When faced with the barriers and complexities of the topic, what motivates the panellists to keep writing about mental health/illness? Campbell said as an observer of mental illness in his early life, the topic gives him scope to explore, through supernatural and other means, and he has yet to mine all the ideas available. Saferight Lloyd claimed that she was using the adage “write what you know”, drawing on her personal and professional experience to create stories. Daniels said good writing is about transformation both in the writer and the reader, and responses to her work, from readers who identified with her stories and her characters, have inspired her. Rabarts claimed that those us who have an ability to express ourselves have a responsibility to speak for those who cannot. He says it is possible that, as writers, we can shape something that someone else might need, and show them that the (metaphorical) bear, or the demons, can indeed be beaten.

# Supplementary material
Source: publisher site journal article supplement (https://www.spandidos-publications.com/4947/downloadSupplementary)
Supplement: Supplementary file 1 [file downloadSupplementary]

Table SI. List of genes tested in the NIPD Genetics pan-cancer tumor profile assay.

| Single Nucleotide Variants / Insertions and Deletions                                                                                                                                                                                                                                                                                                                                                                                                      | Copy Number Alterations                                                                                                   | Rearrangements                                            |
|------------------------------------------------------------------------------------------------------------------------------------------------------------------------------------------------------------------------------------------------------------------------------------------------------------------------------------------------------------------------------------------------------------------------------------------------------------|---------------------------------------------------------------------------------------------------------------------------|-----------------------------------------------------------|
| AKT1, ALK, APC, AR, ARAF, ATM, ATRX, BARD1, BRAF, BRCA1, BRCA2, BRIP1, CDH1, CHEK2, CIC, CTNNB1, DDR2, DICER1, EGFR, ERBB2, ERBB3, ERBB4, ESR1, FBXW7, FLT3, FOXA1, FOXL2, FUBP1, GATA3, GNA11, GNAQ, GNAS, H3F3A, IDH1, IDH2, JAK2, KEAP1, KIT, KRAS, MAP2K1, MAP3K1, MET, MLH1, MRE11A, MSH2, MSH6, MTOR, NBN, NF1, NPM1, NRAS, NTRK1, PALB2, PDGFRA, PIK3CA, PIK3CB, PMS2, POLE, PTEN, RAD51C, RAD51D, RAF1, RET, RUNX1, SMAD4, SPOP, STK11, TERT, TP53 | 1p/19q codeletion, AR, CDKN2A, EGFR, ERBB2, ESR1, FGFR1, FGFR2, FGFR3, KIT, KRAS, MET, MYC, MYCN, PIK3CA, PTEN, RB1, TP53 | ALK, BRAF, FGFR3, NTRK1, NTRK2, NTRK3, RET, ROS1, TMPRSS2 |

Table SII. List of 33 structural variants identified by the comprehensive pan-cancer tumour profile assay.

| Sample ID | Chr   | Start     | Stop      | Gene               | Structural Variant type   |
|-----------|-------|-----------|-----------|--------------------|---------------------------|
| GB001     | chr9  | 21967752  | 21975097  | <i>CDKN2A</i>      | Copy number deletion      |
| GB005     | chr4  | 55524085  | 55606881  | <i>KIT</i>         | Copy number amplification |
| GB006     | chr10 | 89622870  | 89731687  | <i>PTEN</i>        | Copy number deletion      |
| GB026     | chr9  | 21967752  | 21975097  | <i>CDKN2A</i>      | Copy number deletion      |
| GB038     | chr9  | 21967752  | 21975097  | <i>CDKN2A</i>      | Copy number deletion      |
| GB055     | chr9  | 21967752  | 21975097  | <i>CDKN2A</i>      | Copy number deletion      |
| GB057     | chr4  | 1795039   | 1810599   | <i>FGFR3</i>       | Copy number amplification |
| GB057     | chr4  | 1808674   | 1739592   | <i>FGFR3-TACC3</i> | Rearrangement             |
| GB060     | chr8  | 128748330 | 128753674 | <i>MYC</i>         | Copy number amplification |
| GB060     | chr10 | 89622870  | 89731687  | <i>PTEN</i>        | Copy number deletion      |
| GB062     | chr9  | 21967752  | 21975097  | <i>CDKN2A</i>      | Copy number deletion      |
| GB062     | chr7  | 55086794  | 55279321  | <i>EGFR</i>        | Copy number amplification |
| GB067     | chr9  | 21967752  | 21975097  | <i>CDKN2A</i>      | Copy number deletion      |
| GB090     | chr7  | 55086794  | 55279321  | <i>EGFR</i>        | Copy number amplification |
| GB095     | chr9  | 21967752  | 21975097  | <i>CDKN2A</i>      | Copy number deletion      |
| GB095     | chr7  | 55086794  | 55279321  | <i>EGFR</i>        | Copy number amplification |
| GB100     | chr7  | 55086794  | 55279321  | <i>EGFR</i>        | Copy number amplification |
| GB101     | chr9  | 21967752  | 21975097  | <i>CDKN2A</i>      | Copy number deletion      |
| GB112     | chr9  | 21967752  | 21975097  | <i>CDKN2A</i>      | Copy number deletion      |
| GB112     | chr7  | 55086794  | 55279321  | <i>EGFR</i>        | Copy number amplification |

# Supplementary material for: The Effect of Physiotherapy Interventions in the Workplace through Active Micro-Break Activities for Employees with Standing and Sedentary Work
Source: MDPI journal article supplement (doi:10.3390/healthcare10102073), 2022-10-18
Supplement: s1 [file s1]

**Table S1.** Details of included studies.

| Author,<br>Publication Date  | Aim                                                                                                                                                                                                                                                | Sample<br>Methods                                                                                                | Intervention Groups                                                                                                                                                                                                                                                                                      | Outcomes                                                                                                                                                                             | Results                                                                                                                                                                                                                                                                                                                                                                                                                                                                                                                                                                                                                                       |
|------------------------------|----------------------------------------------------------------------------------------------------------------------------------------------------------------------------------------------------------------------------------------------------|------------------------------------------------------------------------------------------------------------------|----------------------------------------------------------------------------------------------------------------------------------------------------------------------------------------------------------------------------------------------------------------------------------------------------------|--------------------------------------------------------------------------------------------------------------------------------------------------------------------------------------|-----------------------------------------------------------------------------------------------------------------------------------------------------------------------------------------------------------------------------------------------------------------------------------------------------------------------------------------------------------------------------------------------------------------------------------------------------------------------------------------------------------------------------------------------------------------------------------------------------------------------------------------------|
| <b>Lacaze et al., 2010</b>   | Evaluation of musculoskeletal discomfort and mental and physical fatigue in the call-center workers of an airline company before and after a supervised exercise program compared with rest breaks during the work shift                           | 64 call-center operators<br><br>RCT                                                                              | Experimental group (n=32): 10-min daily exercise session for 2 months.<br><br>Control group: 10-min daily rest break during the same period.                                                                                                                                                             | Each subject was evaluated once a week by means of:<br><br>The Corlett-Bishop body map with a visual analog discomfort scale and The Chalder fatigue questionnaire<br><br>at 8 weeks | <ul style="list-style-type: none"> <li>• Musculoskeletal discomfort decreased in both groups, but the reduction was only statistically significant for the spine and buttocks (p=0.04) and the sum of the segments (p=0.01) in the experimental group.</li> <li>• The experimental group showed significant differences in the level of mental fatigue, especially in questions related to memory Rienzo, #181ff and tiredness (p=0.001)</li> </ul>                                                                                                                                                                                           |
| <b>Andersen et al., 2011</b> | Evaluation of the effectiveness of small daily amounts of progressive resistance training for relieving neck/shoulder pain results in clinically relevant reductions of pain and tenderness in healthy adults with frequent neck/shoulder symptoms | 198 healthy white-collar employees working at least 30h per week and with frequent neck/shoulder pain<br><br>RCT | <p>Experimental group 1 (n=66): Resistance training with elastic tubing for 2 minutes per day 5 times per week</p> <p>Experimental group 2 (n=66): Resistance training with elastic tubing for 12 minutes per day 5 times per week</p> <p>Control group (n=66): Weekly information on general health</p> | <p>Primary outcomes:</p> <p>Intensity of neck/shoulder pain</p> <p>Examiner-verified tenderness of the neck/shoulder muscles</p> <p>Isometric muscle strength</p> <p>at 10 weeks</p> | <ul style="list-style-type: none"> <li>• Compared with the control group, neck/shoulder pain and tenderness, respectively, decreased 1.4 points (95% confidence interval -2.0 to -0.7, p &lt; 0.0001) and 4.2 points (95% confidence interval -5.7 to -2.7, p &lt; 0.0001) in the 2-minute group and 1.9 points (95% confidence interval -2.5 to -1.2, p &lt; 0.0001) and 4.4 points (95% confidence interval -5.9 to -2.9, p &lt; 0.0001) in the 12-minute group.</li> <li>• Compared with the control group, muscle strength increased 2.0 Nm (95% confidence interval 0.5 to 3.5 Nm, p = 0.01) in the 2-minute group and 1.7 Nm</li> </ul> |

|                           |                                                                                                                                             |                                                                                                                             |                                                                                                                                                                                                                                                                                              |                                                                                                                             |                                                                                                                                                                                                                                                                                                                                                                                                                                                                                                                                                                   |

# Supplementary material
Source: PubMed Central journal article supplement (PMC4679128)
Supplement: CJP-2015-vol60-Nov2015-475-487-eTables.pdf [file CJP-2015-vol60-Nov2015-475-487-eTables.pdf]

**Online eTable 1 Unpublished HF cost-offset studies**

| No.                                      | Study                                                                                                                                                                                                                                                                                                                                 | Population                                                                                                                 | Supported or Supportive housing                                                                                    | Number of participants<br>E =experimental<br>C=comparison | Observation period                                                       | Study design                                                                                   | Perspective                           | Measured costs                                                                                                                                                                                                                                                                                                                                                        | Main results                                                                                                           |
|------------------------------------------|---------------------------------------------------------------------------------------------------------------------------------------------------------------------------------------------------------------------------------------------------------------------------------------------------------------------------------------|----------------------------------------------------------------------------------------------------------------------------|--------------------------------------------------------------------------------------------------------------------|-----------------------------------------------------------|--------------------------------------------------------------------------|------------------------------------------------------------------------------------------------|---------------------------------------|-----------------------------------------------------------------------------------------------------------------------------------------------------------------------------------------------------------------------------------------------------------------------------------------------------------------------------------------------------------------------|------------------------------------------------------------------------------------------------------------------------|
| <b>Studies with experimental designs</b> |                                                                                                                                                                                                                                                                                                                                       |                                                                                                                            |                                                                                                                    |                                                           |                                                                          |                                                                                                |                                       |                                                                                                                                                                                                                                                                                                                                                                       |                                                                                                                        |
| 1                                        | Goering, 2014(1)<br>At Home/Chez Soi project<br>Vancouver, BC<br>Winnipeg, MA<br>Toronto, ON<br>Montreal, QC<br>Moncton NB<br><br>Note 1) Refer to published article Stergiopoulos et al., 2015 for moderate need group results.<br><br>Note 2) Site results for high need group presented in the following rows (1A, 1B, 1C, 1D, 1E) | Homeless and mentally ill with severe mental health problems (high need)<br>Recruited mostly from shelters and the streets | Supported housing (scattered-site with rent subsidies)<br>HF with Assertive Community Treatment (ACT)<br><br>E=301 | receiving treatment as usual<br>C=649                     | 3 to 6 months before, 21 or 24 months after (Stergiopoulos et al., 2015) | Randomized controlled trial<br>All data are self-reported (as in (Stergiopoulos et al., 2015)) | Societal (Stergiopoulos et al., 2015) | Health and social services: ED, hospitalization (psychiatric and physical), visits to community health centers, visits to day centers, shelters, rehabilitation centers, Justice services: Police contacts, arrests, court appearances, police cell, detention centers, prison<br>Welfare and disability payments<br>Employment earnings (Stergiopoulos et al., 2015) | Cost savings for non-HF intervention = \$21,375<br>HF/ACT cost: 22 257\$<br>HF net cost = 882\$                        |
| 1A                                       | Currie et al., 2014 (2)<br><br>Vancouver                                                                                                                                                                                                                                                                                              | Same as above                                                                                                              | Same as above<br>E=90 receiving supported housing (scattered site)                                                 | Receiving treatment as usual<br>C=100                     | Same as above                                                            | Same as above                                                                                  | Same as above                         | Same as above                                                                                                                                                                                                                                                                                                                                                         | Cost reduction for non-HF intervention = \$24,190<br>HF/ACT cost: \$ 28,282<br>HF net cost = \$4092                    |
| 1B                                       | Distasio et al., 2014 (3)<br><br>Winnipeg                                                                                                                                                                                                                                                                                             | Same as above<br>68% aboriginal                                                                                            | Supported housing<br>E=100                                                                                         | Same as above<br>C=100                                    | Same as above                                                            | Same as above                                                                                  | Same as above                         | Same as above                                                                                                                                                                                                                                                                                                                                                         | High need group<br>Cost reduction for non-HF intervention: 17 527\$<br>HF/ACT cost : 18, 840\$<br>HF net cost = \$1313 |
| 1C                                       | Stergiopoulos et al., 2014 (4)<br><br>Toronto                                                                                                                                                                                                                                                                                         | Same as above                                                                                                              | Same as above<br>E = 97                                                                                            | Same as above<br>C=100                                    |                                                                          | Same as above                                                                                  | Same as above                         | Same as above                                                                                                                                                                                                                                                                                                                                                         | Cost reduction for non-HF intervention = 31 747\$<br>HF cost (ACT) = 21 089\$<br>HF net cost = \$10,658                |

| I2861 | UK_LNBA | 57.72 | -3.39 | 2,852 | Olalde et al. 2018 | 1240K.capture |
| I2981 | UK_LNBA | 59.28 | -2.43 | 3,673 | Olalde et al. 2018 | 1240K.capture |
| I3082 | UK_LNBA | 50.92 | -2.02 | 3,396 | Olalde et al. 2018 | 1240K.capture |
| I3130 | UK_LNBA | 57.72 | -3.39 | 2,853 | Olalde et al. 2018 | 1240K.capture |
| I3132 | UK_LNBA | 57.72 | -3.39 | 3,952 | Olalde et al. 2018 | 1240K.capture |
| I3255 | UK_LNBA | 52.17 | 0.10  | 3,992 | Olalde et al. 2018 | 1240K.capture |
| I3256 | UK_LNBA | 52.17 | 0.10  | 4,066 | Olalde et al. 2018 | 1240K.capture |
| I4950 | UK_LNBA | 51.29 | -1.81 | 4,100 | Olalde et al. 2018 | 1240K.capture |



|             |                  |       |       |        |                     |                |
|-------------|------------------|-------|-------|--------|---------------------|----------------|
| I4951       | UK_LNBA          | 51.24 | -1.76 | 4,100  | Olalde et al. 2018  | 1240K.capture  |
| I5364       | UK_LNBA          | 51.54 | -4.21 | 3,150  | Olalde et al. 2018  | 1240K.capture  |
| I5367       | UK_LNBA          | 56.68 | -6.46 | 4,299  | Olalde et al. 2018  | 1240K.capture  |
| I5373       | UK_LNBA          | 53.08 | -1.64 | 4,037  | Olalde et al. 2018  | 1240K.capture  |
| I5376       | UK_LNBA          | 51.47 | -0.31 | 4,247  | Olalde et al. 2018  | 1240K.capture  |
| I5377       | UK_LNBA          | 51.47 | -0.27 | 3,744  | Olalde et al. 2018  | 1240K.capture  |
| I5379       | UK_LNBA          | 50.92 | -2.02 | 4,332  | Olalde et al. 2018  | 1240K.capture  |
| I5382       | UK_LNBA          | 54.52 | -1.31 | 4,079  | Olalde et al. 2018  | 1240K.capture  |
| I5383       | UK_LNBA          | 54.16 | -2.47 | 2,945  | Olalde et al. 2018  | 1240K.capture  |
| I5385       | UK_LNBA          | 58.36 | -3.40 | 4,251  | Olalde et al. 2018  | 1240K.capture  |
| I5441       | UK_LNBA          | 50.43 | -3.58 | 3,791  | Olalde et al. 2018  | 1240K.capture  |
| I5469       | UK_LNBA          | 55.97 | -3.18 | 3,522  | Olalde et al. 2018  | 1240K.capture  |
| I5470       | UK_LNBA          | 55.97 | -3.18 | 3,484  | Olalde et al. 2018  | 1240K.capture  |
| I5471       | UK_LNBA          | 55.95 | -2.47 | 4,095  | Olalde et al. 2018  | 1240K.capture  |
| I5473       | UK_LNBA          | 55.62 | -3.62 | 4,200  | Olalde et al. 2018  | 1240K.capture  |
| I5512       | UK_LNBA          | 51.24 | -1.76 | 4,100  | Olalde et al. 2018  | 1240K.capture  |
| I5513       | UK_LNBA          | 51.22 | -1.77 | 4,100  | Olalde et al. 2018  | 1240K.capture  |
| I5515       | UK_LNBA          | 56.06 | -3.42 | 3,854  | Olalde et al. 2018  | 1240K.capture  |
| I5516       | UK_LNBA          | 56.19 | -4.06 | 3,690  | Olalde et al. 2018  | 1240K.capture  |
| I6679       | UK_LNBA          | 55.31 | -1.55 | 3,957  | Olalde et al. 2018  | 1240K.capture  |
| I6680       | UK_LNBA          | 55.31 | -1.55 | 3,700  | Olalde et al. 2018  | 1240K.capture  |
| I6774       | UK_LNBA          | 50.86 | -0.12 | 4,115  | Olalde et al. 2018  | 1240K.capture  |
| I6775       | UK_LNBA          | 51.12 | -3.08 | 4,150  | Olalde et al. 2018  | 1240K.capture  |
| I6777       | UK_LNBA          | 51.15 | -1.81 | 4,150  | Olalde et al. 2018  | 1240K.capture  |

Overall, it was an entertaining and lively panel discussion, expertly curated by Jeffery, offering vital insight into this important topic. The session closed with a reminder about the HWA Mental Health Initiative activities and resources, including Notable Works which launched in March 2023, an ongoing programme to develop a list of member reviews of exemplar texts which handle mental health/illness with understanding, compassion, and sensitivity. 

Titles mentioned in the course of the discussion:

  • Face that Must Die by Ramsey Campbell 
  • Serpent’s Wake: A Tale for the Bitten by L.E. Daniels
  • “Riptide” by Dan Rabarts, in Suspended in Dusk II, edited by Simon Dewar
  • Jane Eyre by Charlotte Bronte